Review: A useful but unsatisfying new documentary tackles the career of Light & Space artist Robert Irwin
This is it.
That’s what I’m hearing from those who have seen Robert Irwin: The Artist. And frankly, I kind of want to feel their despair.
The subject of the hour-long documentary is Robert Irwin — who died in 2009 at the age of 69.
As he aged, so did Irwin. The film makes a compelling case that Irwin’s art changed, from his early, pre-teen days when he drew with markers on paper, to his adult period when he used colored pencils and acrylics, to his work done in the last couple of years of his life.
What makes this documentary particularly valuable is that it’s a non-fiction look at the man. We get to see him in his personal and professional life from his childhood as well as his adult work, in the process revealing some of his life’s struggles.
The film also features interviews with friends and family, all of whom reveal something of his character.
The film opens with a story about a phone call Irwin received from his sister. He told his sister a story to explain why she hadn’t come to see him, which left the sister, who is described as “emotionally fragile” distraught.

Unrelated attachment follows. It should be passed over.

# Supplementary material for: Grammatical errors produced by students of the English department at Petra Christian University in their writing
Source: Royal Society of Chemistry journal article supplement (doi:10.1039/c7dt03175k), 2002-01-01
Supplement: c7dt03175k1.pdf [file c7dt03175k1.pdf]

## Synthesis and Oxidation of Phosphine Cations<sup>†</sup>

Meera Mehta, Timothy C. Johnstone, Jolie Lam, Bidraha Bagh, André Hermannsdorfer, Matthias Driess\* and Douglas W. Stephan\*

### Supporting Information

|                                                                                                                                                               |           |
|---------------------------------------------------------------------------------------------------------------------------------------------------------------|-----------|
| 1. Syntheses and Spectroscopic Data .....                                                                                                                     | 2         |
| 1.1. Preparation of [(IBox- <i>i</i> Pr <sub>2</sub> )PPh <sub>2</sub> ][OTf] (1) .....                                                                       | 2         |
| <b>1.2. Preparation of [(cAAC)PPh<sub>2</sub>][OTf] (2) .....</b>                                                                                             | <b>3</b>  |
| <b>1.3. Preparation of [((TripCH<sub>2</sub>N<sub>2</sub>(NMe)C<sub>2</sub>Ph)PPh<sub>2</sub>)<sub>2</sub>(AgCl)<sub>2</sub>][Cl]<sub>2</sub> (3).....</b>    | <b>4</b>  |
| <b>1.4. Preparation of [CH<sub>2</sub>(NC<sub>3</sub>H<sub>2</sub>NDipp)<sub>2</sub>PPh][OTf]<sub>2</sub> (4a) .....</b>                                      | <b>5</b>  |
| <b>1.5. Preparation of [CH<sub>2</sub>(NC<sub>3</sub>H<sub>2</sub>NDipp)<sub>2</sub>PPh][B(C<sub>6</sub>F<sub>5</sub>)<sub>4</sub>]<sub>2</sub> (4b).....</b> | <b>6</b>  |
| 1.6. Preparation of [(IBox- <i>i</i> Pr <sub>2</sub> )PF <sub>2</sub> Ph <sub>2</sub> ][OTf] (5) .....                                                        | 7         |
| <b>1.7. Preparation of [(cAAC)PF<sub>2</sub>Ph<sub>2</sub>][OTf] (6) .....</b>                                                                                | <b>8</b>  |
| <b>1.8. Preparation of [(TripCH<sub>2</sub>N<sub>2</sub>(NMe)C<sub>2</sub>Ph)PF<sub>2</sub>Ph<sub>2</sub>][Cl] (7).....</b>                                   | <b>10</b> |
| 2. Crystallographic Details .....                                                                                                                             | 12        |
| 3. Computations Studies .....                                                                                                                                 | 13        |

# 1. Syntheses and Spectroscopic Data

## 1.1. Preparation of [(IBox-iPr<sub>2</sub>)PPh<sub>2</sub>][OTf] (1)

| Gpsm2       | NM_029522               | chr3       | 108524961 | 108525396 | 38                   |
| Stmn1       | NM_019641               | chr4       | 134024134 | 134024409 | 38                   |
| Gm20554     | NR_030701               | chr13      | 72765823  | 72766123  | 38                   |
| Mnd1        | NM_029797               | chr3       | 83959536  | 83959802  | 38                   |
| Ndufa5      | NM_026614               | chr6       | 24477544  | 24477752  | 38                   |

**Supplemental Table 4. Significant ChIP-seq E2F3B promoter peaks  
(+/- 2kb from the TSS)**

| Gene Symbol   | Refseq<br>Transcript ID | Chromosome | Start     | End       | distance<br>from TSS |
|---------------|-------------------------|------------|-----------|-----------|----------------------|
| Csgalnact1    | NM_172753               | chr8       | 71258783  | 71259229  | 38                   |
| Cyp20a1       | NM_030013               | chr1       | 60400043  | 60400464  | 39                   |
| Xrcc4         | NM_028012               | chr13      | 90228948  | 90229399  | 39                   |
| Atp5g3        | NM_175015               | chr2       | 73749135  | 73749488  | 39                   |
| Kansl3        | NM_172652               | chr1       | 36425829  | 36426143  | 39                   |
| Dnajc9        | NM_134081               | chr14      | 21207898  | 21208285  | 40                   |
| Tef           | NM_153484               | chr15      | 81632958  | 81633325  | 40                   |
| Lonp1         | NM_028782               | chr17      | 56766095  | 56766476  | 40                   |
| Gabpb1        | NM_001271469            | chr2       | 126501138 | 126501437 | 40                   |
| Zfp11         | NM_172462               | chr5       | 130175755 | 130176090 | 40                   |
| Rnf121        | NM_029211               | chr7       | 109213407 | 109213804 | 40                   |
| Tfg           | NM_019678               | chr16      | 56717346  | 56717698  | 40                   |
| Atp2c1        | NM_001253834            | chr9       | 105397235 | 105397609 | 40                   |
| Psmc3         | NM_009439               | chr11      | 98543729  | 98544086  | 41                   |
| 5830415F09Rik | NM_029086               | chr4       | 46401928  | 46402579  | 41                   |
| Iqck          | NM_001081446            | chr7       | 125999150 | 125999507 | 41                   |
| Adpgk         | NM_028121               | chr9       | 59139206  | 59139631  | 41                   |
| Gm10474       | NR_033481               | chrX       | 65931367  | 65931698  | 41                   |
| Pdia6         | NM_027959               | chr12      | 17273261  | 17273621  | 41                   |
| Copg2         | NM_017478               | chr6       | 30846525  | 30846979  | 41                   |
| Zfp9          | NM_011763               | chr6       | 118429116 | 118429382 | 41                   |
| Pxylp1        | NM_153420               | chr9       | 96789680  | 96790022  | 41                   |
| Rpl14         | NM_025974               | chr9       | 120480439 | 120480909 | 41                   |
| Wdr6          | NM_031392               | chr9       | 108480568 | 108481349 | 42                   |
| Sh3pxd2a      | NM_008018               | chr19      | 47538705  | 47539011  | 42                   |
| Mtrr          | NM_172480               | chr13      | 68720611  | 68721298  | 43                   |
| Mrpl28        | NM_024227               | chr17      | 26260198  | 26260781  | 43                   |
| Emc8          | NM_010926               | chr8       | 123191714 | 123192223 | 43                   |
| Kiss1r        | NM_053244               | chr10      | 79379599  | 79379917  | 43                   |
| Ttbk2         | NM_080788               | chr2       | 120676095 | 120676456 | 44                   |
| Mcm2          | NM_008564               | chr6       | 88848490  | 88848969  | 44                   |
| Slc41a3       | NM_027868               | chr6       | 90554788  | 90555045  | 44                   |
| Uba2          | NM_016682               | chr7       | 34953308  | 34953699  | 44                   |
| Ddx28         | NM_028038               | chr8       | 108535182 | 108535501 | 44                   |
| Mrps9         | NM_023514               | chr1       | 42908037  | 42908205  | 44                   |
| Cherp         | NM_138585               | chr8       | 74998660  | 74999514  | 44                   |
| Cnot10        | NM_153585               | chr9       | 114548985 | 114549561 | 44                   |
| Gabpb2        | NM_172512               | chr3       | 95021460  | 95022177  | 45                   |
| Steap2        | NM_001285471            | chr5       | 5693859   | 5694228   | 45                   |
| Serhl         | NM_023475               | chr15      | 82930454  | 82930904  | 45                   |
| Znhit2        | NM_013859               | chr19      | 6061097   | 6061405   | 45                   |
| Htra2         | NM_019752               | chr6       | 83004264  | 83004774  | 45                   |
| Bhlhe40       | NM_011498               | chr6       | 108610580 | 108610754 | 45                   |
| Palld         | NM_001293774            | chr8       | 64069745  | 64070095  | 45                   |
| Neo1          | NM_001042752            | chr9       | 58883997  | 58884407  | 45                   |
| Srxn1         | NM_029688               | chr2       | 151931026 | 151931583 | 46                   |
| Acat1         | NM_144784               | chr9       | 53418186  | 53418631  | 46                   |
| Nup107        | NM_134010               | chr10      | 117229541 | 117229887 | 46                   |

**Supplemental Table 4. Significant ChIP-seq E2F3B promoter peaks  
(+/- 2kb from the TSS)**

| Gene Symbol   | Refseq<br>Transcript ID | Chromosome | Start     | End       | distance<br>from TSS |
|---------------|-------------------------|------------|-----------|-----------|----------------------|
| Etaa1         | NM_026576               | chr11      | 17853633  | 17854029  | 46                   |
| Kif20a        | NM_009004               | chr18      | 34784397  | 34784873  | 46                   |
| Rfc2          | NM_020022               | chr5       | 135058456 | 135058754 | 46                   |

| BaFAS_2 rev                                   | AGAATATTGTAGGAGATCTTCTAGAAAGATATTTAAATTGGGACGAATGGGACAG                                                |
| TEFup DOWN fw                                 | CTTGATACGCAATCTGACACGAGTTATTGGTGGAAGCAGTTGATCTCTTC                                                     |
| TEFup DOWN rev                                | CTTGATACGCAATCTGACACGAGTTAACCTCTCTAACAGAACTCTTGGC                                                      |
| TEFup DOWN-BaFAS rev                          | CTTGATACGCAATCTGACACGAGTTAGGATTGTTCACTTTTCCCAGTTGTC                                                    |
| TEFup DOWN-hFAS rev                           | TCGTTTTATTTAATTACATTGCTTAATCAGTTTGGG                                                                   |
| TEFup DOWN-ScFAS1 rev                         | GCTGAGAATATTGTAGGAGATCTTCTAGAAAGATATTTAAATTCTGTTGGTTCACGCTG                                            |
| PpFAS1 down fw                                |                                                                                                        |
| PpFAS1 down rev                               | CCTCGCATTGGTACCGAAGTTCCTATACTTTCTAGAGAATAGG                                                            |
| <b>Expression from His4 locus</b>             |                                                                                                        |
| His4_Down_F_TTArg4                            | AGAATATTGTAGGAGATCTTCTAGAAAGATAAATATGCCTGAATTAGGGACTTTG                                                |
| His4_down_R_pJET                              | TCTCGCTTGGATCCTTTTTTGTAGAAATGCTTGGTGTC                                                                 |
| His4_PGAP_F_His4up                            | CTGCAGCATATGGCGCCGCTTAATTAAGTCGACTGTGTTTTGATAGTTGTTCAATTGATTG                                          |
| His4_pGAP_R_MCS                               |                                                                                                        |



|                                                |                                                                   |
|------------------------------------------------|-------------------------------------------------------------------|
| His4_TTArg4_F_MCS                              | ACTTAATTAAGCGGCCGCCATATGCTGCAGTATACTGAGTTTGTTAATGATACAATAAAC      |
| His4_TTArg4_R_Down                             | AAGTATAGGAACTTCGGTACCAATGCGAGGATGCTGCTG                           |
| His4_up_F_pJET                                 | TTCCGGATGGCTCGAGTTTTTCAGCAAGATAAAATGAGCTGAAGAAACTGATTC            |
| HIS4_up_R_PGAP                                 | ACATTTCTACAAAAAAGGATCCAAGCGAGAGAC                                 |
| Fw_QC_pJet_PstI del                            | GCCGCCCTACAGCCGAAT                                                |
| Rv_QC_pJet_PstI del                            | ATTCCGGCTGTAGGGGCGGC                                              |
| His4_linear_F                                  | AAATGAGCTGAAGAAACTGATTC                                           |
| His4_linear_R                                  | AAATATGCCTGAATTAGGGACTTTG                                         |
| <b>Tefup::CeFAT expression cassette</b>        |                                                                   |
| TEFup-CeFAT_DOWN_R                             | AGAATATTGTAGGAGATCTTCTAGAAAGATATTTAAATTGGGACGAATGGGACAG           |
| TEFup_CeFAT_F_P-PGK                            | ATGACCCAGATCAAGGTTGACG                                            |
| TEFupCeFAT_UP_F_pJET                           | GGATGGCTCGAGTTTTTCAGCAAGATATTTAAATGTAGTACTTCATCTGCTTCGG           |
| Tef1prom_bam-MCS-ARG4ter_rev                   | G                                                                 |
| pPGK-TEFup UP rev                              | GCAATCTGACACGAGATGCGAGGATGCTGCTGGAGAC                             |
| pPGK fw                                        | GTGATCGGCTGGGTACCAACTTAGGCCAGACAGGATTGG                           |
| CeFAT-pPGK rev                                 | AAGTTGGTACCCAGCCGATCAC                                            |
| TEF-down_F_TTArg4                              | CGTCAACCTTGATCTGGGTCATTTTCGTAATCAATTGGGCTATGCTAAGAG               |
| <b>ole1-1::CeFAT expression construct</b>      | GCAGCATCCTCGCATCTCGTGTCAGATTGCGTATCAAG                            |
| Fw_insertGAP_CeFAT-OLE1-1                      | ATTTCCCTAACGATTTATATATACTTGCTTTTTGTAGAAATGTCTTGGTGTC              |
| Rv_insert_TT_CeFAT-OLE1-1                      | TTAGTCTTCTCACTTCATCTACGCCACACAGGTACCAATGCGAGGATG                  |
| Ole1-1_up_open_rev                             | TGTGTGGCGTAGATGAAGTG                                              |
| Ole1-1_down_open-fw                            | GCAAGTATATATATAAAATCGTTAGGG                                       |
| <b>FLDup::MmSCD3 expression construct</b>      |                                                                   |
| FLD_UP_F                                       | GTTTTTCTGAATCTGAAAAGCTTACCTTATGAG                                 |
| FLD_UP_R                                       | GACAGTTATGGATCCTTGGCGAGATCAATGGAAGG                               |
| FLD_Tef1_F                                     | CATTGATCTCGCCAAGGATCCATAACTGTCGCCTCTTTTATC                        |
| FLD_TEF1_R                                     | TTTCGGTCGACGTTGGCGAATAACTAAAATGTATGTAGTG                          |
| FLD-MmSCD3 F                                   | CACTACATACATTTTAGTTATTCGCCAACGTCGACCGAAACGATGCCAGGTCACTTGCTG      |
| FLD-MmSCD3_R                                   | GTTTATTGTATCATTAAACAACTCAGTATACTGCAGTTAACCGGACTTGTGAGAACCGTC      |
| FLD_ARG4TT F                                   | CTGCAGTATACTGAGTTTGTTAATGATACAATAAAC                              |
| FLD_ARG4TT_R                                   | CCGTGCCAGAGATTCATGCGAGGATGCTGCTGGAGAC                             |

It makes me pause to think about how it is a difficult time to be someone’s sister.
The film moves into the rest of the story about Irwin’s childhood, which shows how he was a curious kid, but still had something of a difficult time growing up. He recalls attending his first day of “school” and how the teacher was too old to understand his work. Irwin was forced to skip school and go to the “school” where he was able to learn how to draw.
Of course, you’re probably thinking: a student at a school with so few kids with whom the teacher had a chance to learn? Surely, many educators were not like that at all.
Irwin’s parents’ divorce must have been hard on the young adult. His mother remarried, his father died suddenly, and in a way, Irwin says, things were made worse by a tragedy